Friday, September 23, 2016

Rollin’ On

Blue waiting for his after ride treat

Yesterday the nice people who picked Nate up and cremated him delivered his ashes to us. He will be buried next to Dusty as soon as we can get the backhoe attached to the tractor.

I’ve been busy around the farm mostly power washing the white vinyl fencing.  So far I’ve done about 40-50 sections front and back.  It’s not a hard job but time consuming and I usually wind up looking like a drowned rat when the breeze is blowing in the right or should I say wrong direction.  I despise this fence and wouldn’t recommend it to anyone who has trees overhanging a fence. The sap seems to stick to it very well.


Since we haven’t been riding for most of the summer we had an abundant crop of weeds spring up in the small arena.  It has taken hours and hours of dragging plus spraying with organic weed killer but I’ve made some headway and most of them are gone now.  I did have two helpers who were never done doing their impersonation of “road blocking cones” so I had to veer off and go in other directions.  Thanks for the help guys…

"Official Traffic Directors"

Ginger resting after a full day of playing with Gunnar and "helping out"

The chimney guys are almost done building the new fireplace. Our old one was pulling away from the house and needed to be replaced. It was ugly stucco and didn't go with the house which was built in 1750. So this is more in keeping with the period the house was built in.


For some reason this past Monday I developed gout in my big toe.  Never had it before but I’m here to tell you it’s very painful.  Finally went to the doctor yesterday and he told me it’s usually developed from shellfish and alcohol.  Well, since nobody’s taken me out for a lobster dinner with wine lately, that’s not the cause.  I haven’t had an alcoholic beverage for a few months either.  It could be from dehydration, which is my bet since I didn’t drink enough water over the weekend.  When I start a project I usually keep going until it’s finished.  Note to self - drink more water. The doctor gave me heavy-duty anti-inflammatory pills, which must be taken with food, or they cause stomach upset etc.  No problem there!
I've spared you the pictures because my swollen toe looks ridiculous. 

The bright spot in all of this is I was able to ride Blue on Sunday.  We just walked around the indoor for a bit and reintroduced him to steering and bending. Blue is nineteen and he knows this but I think he likes to test me and see if I remember how to ask him correctly.  I do! We both had a nice ride for our first time back in a long while. He felt good and I felt good to be back in the saddle again.
A little graze and rinse off after his grueling ride

Off to find the herd

Until next time
Quote for Today
Feeling down?  Saddle up.  ~Author Unknown

Wednesday, September 14, 2016

Goodbye "Tater"

" Nate"

Friday morning when my daughter went out to the barn to feed and turn out for the day she found her horse Nate dead in his stall.  Nate had been suffering for a while with stringhalt, which was exacerbated by his condition of shivers.  Though he had improved a lot with the medication, he was still having some difficulty walking.  While she was doing everything she could for him to make him comfortable and help him recover, he continued to lose weight and wasn’t looking or feeling good in general.  Even though his death was heartbreaking, he left our world on his own terms in the best possible way.  His heart stopped beating and he left peacefully in his sleep with his herd around him in the barn.  On his last day Nate grazed with his friends all day and came in at night to a hearty meal, his favorite carrots and treats, and lots of hugs.  That morning all his friends stopped by his stall to sniff him and say their goodbyes.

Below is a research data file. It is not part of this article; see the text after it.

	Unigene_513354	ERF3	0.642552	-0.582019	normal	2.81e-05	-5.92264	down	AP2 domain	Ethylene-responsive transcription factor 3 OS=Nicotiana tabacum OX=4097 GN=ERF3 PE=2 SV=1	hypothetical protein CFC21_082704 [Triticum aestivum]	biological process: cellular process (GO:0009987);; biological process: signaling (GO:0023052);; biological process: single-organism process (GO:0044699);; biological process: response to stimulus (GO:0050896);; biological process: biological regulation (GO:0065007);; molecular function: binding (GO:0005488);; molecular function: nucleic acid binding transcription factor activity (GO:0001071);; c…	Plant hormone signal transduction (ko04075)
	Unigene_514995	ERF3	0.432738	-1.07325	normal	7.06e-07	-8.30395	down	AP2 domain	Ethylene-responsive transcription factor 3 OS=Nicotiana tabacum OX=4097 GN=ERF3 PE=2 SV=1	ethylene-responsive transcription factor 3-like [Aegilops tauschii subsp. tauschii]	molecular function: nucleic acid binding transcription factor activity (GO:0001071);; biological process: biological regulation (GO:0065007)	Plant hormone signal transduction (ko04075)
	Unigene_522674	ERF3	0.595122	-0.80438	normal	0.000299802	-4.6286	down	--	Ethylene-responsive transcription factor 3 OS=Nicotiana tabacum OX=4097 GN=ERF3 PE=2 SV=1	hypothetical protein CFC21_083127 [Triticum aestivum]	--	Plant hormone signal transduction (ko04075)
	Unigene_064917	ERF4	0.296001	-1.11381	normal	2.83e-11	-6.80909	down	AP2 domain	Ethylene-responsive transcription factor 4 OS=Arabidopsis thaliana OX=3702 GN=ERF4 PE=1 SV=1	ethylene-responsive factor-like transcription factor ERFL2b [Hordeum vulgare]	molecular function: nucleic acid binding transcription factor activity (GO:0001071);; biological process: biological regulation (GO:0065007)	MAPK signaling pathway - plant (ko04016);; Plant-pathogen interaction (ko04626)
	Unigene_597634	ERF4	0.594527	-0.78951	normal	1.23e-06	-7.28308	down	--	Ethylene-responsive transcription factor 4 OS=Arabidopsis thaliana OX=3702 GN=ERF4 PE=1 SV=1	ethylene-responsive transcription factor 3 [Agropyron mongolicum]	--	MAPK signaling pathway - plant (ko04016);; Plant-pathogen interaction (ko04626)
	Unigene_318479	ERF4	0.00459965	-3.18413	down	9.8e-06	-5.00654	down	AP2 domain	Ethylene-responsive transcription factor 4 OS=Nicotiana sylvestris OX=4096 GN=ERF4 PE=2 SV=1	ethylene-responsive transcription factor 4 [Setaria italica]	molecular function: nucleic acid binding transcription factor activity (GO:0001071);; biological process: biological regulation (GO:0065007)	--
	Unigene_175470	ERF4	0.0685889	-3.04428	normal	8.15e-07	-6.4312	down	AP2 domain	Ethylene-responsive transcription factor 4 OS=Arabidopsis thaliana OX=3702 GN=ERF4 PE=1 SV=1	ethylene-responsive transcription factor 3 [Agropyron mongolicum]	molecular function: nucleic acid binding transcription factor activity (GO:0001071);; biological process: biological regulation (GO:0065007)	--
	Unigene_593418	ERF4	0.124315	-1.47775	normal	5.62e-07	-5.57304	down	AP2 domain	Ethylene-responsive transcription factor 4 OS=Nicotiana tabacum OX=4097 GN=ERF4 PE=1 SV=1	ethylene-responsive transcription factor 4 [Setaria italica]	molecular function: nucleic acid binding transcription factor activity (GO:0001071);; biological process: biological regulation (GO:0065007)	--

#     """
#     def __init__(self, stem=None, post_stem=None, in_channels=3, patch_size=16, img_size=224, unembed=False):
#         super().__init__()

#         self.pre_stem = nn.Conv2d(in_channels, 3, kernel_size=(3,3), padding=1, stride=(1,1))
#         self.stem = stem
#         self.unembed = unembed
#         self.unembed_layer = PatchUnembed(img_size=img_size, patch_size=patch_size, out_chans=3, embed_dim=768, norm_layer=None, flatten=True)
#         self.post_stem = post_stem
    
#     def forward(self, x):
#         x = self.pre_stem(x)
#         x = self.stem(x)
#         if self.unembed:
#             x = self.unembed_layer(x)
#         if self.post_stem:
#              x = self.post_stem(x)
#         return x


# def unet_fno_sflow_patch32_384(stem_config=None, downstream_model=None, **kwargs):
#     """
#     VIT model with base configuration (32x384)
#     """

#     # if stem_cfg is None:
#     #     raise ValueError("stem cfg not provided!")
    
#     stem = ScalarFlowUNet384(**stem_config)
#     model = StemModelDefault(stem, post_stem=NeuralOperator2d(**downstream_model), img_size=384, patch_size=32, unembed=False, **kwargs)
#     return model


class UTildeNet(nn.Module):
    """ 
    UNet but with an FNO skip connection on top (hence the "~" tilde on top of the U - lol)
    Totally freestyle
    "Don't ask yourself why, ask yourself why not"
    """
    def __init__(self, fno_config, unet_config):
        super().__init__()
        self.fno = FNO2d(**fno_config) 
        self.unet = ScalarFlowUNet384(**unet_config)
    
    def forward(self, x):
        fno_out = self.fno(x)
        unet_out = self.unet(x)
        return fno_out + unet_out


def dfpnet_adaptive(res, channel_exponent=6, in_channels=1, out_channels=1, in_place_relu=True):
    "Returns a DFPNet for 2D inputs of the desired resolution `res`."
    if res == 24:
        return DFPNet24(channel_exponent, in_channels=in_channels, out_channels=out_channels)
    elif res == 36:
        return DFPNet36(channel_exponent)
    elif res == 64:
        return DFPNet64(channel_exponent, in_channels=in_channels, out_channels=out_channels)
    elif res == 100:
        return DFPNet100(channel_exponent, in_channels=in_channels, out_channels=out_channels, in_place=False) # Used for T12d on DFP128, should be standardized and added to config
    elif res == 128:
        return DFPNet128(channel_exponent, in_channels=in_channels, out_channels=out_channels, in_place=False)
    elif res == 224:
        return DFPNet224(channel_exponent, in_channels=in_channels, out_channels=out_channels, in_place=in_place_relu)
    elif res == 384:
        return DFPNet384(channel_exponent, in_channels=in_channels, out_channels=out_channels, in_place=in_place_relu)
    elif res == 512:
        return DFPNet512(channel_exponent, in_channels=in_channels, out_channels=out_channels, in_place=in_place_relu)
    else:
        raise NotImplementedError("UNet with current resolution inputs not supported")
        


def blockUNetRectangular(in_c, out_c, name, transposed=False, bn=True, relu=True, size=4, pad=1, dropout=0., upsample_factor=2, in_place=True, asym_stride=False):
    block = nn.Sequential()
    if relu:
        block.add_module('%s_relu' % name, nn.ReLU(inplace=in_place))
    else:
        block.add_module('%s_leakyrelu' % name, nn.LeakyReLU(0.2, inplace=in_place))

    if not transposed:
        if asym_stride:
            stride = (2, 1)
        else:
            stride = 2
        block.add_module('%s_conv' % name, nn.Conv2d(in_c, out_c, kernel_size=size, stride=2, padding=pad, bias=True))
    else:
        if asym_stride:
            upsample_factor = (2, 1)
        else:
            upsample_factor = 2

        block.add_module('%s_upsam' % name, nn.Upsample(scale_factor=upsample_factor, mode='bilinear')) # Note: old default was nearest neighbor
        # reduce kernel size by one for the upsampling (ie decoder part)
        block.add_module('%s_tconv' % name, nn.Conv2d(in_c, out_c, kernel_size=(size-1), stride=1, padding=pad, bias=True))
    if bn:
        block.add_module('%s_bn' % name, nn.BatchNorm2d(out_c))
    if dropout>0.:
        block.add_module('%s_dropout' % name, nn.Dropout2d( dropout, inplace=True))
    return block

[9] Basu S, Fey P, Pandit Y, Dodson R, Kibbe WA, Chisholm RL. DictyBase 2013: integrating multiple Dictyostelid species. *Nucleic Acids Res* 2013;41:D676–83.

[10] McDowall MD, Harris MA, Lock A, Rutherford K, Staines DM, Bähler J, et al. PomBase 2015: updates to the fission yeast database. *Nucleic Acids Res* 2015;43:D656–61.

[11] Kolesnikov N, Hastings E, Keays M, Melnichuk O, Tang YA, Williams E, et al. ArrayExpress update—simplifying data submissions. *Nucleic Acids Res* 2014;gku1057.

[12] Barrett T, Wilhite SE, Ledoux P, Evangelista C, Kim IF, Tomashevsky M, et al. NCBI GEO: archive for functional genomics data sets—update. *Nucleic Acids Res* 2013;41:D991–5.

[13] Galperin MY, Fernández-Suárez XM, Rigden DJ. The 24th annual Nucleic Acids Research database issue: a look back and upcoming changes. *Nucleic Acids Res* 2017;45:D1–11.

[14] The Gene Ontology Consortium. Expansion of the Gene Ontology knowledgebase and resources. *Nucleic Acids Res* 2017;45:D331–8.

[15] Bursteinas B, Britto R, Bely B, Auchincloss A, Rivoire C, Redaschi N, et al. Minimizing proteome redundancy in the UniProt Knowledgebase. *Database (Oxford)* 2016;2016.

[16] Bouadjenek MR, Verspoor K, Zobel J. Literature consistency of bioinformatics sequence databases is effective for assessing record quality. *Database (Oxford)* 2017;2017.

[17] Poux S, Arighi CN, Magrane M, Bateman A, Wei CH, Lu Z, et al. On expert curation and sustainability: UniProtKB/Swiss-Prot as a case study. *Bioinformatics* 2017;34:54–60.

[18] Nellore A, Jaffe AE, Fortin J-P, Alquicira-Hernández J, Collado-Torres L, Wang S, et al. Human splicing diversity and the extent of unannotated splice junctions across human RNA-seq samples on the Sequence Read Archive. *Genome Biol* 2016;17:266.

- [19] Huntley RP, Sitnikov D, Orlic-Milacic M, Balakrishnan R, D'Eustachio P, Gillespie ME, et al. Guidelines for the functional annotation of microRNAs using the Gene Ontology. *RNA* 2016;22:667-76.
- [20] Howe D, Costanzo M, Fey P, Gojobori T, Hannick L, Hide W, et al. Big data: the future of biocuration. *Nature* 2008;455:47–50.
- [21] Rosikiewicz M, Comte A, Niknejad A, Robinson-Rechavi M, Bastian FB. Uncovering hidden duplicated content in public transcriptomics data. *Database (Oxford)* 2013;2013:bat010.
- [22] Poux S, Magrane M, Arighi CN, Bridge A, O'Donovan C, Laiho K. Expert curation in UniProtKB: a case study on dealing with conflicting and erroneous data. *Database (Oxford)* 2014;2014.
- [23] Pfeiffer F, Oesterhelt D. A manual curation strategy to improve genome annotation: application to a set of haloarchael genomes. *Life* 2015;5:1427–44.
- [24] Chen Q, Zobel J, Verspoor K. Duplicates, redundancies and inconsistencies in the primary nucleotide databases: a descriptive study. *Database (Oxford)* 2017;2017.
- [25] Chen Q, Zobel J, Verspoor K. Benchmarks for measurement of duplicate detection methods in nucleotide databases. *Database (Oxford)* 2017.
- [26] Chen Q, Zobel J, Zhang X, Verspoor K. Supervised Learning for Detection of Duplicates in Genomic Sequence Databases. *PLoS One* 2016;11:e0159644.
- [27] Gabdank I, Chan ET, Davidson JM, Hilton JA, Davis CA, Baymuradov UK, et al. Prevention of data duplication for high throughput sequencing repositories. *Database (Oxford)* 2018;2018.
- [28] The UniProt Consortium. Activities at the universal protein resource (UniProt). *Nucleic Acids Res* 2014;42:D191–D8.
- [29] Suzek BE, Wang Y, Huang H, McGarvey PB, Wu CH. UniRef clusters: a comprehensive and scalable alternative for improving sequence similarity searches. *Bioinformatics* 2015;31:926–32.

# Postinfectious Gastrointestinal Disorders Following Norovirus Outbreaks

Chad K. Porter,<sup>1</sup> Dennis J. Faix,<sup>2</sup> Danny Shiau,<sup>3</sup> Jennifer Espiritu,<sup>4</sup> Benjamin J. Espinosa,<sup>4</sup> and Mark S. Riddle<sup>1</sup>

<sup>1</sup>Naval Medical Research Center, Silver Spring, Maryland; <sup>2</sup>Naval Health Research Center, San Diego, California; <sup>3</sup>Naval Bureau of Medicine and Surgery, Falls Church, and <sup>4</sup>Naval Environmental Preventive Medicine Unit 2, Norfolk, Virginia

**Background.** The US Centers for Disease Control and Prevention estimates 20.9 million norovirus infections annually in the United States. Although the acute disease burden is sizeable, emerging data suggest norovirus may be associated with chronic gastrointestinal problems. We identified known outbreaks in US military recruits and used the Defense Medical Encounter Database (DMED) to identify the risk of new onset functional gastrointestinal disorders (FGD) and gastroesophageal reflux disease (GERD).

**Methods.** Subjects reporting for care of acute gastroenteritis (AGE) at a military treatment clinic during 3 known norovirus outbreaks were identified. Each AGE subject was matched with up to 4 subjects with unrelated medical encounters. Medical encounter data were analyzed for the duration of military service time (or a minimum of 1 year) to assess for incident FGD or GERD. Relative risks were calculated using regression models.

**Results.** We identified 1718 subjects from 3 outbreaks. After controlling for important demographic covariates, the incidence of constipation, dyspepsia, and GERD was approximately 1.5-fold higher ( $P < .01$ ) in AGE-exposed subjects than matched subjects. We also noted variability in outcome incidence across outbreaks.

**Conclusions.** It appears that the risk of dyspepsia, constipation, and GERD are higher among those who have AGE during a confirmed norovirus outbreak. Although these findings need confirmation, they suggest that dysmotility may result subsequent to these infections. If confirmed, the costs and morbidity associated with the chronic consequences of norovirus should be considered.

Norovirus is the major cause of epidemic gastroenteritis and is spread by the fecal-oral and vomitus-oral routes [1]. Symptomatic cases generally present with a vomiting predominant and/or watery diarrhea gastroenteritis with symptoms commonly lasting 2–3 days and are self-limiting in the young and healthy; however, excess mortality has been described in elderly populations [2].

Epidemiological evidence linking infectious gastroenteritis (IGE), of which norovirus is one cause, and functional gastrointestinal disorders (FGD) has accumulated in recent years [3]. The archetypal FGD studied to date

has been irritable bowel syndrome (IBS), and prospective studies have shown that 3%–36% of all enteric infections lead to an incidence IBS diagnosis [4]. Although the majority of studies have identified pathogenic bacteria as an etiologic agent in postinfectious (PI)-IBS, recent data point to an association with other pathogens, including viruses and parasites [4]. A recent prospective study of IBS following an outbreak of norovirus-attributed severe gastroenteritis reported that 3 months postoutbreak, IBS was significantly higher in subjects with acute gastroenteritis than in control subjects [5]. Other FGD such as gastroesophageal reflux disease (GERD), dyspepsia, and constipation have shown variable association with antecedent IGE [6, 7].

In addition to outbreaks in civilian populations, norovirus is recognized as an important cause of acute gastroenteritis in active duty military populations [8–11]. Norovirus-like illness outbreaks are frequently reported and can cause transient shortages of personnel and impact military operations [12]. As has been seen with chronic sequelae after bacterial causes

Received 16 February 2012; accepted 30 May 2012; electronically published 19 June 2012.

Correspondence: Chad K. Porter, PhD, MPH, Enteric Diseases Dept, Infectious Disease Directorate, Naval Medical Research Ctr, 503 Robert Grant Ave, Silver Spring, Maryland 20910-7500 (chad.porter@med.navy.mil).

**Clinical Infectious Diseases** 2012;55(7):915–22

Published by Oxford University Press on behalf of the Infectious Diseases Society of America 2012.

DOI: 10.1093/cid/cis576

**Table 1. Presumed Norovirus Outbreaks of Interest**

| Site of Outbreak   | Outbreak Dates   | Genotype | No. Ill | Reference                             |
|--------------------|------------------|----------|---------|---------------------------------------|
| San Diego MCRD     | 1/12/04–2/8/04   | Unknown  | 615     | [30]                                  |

What can we say about Nate’s life?  Nate came to my daughter from Holland as a four year old Dutch Warmblood and immediately touched all of our hearts. He grew to 17.3 hh and was one of the sweetest, kindest, and gentlest of souls.  Everyone who knew him, whether human or animal, loved Nate.  He was always happy and willing to be your friend.  Nate was the most curious of our horses and would follow anyone around checking on what they were doing, pulling pliers out of pockets or looking over your shoulder at a job being done.  Nate was the mischievous prankster around the barn and if you were bending over to pick up or clean something, he'd give a little nudge with his nose and tip you over. More than once while scrubbing out a water trough, Nate has knocked one of us in head-first. And if you weren't careful, he might even give you a wedgie!

He and my daughter traveled all over Europe through Germany, Holland, Belgium, France, across the English Channel, into Wales, England, and finally to Scotland.  In Scotland they studied with the British Horse Society for a while and had many great adventures. One day, my daughter was leading a trail ride for the first time through the Scottish countryside on Nate. While on a sunken road between two fields, Nate spied a herd of Highland Cattle on one side.  He'd never seen cows before, and eyed them suspiciously, but continued along confidently. Then all at once they pushed up to the fence and said "mooooooo," and, well, that was just too much. He ran backwards until he hit the bank on the other side and fell over backwards on top of my daughter. He rolled around on top of the bank until he was on his feet, with her still in the saddle, and bolted, with the rest of the riders watching in horror. She got to the end of the field where there were no cows attacking him and they could jump down the bank back onto the road. He was covered in mud and had tufts of grass sticking out his bridle, but he regained his composure and was a perfect gentleman for the rest of the ride. That was Nate. He tried his best. Sometimes the world just didn't cooperate with him...